A look back from those who were there … Michael Horowitz ’58 I had heard of Martin Luther King Jr. before he came to Peddie, but at the time I thought he was just a young Baptist preacher coming to a then Baptist school. I was not expecting him to have the presence that he had. As co-editor of the Peddie News, I had the opportunity to interview Dr. King that day. There was a kind of aura around him. Even back then, you felt that you were meeting and listening to someone who was going to leave his mark. I was taken with King’s sincerity and strength. He was very serious for a 28-year-old. I was amazed that he was only 11 years older than I was. Everything that happened afterwards I could understand having listened to him. What King said that day was powerful. He opened my eyes to the severity of issues going on around the country. Back then, we did not think about prejudice at all. Until I became a reporter, I did not realize how society was not as together as I assumed it was. Of all the people I have interviewed over the years … Nixon, Humphrey, Kissinger … King remains one of my fondest memories. Invariably every Martin Luther King Jr. Day, I wind up telling the story of when I interviewed him at Peddie. If I could interview King today, I would ask him, “What would you suggest we do to get closer to a kind of world that you imagined?”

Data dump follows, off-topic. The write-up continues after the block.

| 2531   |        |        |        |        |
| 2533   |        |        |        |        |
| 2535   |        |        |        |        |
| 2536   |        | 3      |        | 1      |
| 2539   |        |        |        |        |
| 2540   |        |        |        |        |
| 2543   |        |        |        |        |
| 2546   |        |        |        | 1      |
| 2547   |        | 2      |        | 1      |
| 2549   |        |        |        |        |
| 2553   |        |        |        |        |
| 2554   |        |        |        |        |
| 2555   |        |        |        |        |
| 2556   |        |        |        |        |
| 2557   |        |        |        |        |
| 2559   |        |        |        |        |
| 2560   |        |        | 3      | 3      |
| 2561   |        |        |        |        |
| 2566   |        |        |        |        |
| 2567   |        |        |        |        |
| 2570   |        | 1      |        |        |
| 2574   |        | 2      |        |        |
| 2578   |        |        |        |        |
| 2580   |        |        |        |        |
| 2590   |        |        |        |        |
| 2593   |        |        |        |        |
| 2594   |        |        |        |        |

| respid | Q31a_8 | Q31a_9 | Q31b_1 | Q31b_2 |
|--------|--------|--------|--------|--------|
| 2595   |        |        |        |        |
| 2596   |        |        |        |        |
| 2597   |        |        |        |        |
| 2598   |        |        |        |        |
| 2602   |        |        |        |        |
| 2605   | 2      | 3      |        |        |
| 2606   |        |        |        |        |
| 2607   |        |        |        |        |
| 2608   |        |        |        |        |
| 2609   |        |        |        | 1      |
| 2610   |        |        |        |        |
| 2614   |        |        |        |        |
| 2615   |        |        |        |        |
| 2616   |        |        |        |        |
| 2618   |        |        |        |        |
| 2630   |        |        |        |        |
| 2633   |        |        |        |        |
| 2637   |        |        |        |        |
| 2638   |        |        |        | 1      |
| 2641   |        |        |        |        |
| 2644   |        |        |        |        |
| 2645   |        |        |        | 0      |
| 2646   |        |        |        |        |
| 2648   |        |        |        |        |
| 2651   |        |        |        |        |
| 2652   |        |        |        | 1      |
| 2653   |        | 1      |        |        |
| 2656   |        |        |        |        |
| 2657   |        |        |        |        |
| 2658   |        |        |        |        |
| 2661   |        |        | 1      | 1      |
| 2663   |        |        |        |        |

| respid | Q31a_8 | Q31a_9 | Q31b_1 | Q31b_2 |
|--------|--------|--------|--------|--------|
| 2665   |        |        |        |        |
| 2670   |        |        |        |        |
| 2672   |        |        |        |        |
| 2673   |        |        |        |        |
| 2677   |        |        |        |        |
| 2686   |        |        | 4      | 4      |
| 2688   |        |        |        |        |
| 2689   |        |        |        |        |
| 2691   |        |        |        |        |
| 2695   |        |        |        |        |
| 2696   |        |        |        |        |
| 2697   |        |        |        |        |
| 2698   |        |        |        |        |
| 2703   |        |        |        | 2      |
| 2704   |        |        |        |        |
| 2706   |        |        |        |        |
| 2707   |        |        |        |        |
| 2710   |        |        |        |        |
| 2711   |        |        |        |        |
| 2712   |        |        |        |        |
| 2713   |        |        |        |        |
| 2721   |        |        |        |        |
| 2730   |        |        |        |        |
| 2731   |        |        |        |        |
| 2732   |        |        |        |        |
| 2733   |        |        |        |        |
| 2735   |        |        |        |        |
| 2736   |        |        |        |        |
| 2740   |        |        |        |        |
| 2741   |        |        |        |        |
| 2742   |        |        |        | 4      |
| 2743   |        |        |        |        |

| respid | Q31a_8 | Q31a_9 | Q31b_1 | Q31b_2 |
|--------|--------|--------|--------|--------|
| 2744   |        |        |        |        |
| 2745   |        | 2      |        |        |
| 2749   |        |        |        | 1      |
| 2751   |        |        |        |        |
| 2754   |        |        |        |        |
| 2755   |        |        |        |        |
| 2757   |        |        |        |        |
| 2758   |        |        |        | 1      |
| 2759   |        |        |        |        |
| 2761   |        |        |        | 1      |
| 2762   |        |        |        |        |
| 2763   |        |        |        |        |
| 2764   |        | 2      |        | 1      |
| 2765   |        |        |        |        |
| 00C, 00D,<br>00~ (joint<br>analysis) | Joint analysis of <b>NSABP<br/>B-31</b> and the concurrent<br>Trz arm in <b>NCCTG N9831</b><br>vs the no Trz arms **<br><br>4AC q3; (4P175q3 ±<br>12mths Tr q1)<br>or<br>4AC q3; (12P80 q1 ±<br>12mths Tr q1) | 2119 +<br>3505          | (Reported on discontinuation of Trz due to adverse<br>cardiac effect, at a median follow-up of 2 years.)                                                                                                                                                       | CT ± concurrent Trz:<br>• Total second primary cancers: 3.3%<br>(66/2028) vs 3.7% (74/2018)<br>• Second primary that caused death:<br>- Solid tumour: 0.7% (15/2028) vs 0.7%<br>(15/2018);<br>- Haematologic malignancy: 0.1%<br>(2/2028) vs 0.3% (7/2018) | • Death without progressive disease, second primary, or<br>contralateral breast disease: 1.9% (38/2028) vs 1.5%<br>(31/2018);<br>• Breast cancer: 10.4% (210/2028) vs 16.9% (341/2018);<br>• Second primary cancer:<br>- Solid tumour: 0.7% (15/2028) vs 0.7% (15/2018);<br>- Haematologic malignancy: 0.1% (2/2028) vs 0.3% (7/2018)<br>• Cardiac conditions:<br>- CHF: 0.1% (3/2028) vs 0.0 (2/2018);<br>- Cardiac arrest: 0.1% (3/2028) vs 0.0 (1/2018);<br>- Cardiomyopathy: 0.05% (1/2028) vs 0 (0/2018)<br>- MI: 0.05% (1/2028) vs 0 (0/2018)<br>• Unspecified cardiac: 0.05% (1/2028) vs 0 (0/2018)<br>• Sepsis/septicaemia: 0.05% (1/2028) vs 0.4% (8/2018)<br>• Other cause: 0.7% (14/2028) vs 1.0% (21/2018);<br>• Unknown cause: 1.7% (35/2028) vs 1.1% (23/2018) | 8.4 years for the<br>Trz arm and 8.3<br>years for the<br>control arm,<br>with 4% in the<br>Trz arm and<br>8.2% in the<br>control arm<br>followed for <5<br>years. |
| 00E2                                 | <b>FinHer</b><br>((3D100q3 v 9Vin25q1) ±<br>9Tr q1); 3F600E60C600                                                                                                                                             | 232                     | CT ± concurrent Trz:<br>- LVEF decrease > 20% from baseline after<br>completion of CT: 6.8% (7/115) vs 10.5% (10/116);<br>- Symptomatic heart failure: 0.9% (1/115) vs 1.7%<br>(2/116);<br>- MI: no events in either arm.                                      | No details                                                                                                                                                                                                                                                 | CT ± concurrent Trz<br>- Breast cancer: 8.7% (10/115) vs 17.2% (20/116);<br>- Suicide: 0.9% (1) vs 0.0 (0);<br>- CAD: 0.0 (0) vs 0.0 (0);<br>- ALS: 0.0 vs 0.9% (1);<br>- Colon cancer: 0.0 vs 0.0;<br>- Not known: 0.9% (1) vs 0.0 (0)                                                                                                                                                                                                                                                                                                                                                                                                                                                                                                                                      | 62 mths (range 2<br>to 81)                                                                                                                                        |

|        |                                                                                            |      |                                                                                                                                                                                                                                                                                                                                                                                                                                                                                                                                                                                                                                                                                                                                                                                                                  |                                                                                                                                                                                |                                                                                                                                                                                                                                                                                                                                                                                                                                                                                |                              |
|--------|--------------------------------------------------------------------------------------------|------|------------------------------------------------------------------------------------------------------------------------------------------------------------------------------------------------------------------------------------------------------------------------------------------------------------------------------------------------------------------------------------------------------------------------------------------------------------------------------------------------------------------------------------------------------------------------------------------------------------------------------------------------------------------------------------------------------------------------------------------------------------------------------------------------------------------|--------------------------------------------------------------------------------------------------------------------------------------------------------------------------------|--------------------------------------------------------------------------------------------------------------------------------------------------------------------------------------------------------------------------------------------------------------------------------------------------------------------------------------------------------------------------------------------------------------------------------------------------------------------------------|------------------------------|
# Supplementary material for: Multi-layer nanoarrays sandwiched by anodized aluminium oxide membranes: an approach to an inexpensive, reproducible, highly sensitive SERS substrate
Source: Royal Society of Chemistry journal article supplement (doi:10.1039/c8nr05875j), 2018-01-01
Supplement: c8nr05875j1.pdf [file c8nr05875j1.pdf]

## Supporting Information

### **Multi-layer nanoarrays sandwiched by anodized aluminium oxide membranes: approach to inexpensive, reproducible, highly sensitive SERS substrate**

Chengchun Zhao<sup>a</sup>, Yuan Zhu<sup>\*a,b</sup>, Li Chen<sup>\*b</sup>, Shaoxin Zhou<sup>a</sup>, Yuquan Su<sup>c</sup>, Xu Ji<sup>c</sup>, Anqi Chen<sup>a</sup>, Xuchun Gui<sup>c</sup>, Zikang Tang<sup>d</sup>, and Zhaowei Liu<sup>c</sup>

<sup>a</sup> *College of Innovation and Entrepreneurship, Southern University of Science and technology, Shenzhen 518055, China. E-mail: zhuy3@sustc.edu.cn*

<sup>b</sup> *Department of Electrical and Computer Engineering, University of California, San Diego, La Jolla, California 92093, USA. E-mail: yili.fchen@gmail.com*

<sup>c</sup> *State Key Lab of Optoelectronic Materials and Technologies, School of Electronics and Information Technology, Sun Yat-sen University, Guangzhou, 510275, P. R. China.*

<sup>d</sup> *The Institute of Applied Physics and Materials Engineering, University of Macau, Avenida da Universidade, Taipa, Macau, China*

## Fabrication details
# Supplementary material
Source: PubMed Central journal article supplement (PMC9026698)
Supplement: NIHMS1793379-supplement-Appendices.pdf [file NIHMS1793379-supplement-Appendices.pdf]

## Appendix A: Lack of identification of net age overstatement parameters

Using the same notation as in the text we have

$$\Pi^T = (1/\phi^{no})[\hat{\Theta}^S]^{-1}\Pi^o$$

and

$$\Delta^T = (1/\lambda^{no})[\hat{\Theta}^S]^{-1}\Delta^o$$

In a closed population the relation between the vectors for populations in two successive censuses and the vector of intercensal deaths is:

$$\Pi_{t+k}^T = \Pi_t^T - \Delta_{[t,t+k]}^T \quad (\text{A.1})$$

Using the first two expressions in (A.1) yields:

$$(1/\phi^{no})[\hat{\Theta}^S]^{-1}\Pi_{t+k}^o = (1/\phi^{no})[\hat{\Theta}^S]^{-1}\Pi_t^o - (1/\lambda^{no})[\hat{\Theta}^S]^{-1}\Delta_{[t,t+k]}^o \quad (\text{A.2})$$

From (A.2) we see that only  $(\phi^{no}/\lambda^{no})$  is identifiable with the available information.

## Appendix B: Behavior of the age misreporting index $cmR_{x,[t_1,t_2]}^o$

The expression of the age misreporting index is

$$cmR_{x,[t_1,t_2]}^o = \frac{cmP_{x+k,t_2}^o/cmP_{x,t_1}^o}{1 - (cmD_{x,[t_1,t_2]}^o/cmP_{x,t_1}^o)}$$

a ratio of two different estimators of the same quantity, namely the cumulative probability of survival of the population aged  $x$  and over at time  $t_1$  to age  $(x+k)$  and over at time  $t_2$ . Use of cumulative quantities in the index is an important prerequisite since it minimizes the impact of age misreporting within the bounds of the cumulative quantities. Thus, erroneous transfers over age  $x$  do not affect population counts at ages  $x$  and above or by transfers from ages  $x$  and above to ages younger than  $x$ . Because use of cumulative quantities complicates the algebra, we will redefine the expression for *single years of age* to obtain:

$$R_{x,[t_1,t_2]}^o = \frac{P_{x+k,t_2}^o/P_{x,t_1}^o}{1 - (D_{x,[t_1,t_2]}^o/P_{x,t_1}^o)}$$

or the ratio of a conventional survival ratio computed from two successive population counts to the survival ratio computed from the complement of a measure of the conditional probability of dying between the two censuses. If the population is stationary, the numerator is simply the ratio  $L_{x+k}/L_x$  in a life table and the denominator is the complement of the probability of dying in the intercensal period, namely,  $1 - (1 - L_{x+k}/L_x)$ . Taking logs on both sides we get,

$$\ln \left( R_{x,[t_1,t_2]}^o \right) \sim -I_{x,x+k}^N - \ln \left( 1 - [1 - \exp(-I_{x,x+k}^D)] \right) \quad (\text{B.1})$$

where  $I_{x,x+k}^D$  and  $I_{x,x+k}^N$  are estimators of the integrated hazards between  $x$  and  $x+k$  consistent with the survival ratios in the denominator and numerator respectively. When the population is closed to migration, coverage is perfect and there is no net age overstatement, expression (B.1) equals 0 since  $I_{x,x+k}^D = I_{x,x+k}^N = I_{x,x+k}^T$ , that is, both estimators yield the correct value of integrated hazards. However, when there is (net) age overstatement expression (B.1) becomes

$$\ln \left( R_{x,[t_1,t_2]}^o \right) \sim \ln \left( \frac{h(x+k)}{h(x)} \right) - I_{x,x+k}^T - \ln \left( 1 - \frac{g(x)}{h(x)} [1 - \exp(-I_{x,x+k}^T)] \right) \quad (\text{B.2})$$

Richard Turner ’60 When Martin Luther King Jr. spoke at Peddie, we all knew it was a special occasion, but I doubt that many of us realized just how special it was. I had no idea at the time just how great a person he would become. Dr. King’s words to us made a big impression on me because, in my mind at the time, blacks were not any different

from whites. I was 16, and living and going to school in the North. I had black classmates before Peddie, and at Peddie, and they were well respected. I think we were somewhat aware of the problems blacks were having in the South as it was in the news, but it did not seem to affect us being in New Jersey. I did not realize until he spoke just how oppressed blacks were in the South. King made it clear that my impressions were nowhere near reality, and that was the message I walked away with that day. If King were here today, I would say “thank you” for all he did for humanity.